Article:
Can LEDs Affect the Taste and Smell of Your Crops?

There is no hiding behind the fact that commercial fruits and veggies aren’t cultivated and sold with the goal of maximizing their flavor. In the case of the now notoriously bland grocery store tomato, this is largely contributed to poor genetics. But while genetics do seemingly play the largest role in influencing flavor, it’s far from the only factor. Not surprising as flavor and aroma are often the centers of debate when comparing soil vs. hydroponics grow media.

But what about our lights? Does the sun influence our crops’ taste and smell? And if so, are our LED fixtures correctly replicating this influence?

Cannabis under Growers Republic LED Grow Lights

Without a doubt, the best way to explore whether LEDs and grow lamps, in general, are affecting our crops’ taste and aroma is by exploring the wavelength ranges they cast out. So let’s do exactly that!

Infrared (780-1000 nm)

There is a big debate over infrared light and its influence on crops. To help understand this spectrum better, you may want to think of it as heat radiation vs. light since it’s not visible to us, and these long wavelengths are a big way heat can transfer from one source to another.

LEDs do not traditionally feature notable amounts of infrared, unlike HID and T-Series bulbs. However, because this range can help plants bloom better and increase their growth, newer LED fixtures are starting to include them. However, it does not appear that infrared light affects the taste or smell of crops.

Verdict = Unlikely to influence crops’ taste and smell

Far-red (700-780 nm)

Introducing far-red light into your grow room is a game-changer for many cultivators.

However, far-red’s effect on taste and aroma is a bit of a mixed bag. A 2013 study found that when using red and far-red light together, the volatile profiles of tomato, strawberry, and blueberry increased, enhancing their flavor. However, much more recent 2021 research saw far-red increased unpleasant earthy and grassy flavors in sweet basil while blue/UV enriched sweet basil with an attractive citrus aroma and flavor.

Verdict = Likely to influence a crop’s flavor and aroma, but where it enhances, some it ruins others

Red Light (620-700 nm

While far-red has the potential to enhance plant taste and smell in crops, the red spectrum appears to largely stay away from influencing aroma or flavor. However, most agree that the red spectrum, especially in the bloom stage, is the most important spectrum for growing big ol’ crops with plentiful yields.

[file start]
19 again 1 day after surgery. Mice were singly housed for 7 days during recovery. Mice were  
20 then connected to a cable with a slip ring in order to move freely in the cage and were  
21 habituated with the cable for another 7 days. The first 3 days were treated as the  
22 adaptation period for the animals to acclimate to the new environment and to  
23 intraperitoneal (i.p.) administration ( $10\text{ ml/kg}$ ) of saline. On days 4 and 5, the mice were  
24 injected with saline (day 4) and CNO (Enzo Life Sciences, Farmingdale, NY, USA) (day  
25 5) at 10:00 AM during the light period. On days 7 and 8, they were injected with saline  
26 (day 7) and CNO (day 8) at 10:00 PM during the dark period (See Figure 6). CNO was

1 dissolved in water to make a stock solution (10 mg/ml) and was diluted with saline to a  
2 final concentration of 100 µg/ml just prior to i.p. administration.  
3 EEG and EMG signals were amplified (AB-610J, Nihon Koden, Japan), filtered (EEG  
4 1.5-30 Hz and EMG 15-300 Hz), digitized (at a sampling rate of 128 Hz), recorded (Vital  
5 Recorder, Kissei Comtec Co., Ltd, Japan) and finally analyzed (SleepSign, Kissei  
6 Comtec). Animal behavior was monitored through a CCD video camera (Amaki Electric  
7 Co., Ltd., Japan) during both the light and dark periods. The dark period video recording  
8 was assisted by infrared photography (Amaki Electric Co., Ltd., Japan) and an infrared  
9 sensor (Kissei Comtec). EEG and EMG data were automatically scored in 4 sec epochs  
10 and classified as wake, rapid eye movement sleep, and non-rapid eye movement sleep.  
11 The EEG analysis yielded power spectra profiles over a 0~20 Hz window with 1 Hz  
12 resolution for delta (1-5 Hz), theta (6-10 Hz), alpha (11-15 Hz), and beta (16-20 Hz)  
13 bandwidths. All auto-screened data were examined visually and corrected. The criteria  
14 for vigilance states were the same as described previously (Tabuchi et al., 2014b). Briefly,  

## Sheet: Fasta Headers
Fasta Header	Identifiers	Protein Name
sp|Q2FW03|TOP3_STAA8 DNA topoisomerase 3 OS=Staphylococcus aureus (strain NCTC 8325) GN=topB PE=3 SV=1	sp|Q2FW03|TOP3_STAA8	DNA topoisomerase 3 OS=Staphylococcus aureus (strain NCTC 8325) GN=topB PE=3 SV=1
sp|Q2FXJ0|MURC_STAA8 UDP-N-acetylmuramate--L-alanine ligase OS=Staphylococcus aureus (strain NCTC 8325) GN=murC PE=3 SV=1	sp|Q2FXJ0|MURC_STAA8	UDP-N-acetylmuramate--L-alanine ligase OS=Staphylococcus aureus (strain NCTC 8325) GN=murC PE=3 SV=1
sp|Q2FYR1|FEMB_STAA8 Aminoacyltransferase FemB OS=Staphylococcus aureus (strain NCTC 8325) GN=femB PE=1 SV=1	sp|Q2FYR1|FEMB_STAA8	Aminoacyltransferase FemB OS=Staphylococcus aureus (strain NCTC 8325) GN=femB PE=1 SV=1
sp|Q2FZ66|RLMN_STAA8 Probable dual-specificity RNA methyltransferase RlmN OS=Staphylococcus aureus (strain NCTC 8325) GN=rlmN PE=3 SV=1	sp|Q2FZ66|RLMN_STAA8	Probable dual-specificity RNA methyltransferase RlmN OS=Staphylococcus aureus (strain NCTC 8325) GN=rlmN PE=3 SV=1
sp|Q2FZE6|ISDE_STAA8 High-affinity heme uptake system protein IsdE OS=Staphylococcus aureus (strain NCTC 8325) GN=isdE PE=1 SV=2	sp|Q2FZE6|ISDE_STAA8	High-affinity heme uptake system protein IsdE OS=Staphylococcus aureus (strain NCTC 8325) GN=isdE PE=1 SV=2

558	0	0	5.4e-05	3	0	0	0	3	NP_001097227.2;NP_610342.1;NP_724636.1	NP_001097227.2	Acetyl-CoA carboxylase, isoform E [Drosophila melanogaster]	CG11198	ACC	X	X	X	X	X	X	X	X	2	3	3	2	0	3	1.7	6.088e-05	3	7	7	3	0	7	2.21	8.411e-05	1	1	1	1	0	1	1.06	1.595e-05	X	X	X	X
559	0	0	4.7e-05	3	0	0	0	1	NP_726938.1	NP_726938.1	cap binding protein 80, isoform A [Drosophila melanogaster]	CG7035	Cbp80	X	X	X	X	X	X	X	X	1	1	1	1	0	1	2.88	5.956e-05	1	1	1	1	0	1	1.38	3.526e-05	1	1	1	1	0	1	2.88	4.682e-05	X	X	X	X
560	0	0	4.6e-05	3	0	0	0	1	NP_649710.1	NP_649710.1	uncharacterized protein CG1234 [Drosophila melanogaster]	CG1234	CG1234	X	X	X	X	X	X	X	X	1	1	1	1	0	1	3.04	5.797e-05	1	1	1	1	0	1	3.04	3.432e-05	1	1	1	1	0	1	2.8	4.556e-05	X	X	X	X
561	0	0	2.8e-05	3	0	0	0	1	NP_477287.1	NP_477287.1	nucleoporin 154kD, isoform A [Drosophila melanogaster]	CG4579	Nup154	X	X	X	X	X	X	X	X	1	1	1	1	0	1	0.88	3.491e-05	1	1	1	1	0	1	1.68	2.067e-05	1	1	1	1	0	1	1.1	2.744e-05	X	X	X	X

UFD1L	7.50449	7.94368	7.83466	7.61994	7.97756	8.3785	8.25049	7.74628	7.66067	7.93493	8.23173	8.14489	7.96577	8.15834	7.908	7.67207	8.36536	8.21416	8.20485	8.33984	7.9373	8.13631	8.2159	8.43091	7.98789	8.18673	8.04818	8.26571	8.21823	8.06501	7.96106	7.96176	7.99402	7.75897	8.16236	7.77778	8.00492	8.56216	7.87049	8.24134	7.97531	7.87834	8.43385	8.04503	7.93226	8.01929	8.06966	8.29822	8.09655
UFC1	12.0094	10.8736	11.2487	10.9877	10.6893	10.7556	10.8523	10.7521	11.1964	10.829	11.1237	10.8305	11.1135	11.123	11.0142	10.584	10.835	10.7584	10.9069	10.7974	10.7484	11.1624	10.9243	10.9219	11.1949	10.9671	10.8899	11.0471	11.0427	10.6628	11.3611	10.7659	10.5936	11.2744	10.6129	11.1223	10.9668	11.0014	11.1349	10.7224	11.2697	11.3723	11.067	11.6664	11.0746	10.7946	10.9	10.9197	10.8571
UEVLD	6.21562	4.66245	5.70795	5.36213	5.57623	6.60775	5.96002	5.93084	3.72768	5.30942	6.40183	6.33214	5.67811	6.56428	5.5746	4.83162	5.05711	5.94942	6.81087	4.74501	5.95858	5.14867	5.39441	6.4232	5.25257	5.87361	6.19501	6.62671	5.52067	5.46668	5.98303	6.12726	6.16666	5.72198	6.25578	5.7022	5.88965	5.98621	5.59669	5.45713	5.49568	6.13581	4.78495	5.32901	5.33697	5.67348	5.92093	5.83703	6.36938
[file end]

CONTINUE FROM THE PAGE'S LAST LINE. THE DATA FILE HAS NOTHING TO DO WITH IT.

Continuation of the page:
Even when you’re trying to enhance flavor and aroma by increasing the intensity of other spectrums, you still most likely want the majority of the light your plants receive coming from the red spectrum in the flowering stage.

Verdict = No noteworthy influence on taste and smell

Yellow-Orange (575-620 nm

This wavelength range does not have a notable influence on taste or aroma. However, it’s a great spectrum to point out when explaining why a LED often has favorable spectrums compared to HID bulbs like HPS.

Photosynthesis and a crop’s ability to absorb energy are largely driven by chlorophyll A and chlorophyll B. Both notably peak two times at different places with the blue range (400-500 nm) and orange-red range (600–700 nm) housing the 4 main peaks. HPS, the most popular grow lamp for years, peaks between 560 to 590 nm and at 815 nm wavelength. This largely falls outside of the greatest drivers for photosynthesis.

That’s why many LED fixtures are created to hone in on the chlorophyll peaks while still providing spectrums outside them that are also valuable for driving photosynthesis.

Verdict = No noteworthy influence on taste and smell

Green (500-575 nm)

I’m a big fan of the green light wavelength with its ability to deeply penetrate a plant’s canopy, potentially increasing yield. It may also have a synergetic effect with that wholly important far-red light spectrum. Then, it can be used when the main lights are off without disturbing a crop’s photoperiod. So a pretty cool spectrum, right! However, when it comes to affecting a crop’s aroma or flavor, green light seems solely passé. 

Verdict = No noteworthy influence on taste and smell

Blue-Violet (400-500 nm)

This wavelength range is probably the most looked at range when it comes to enhancing your crops’ flavor and aroma! It likely has the greatest influence of all the ranges.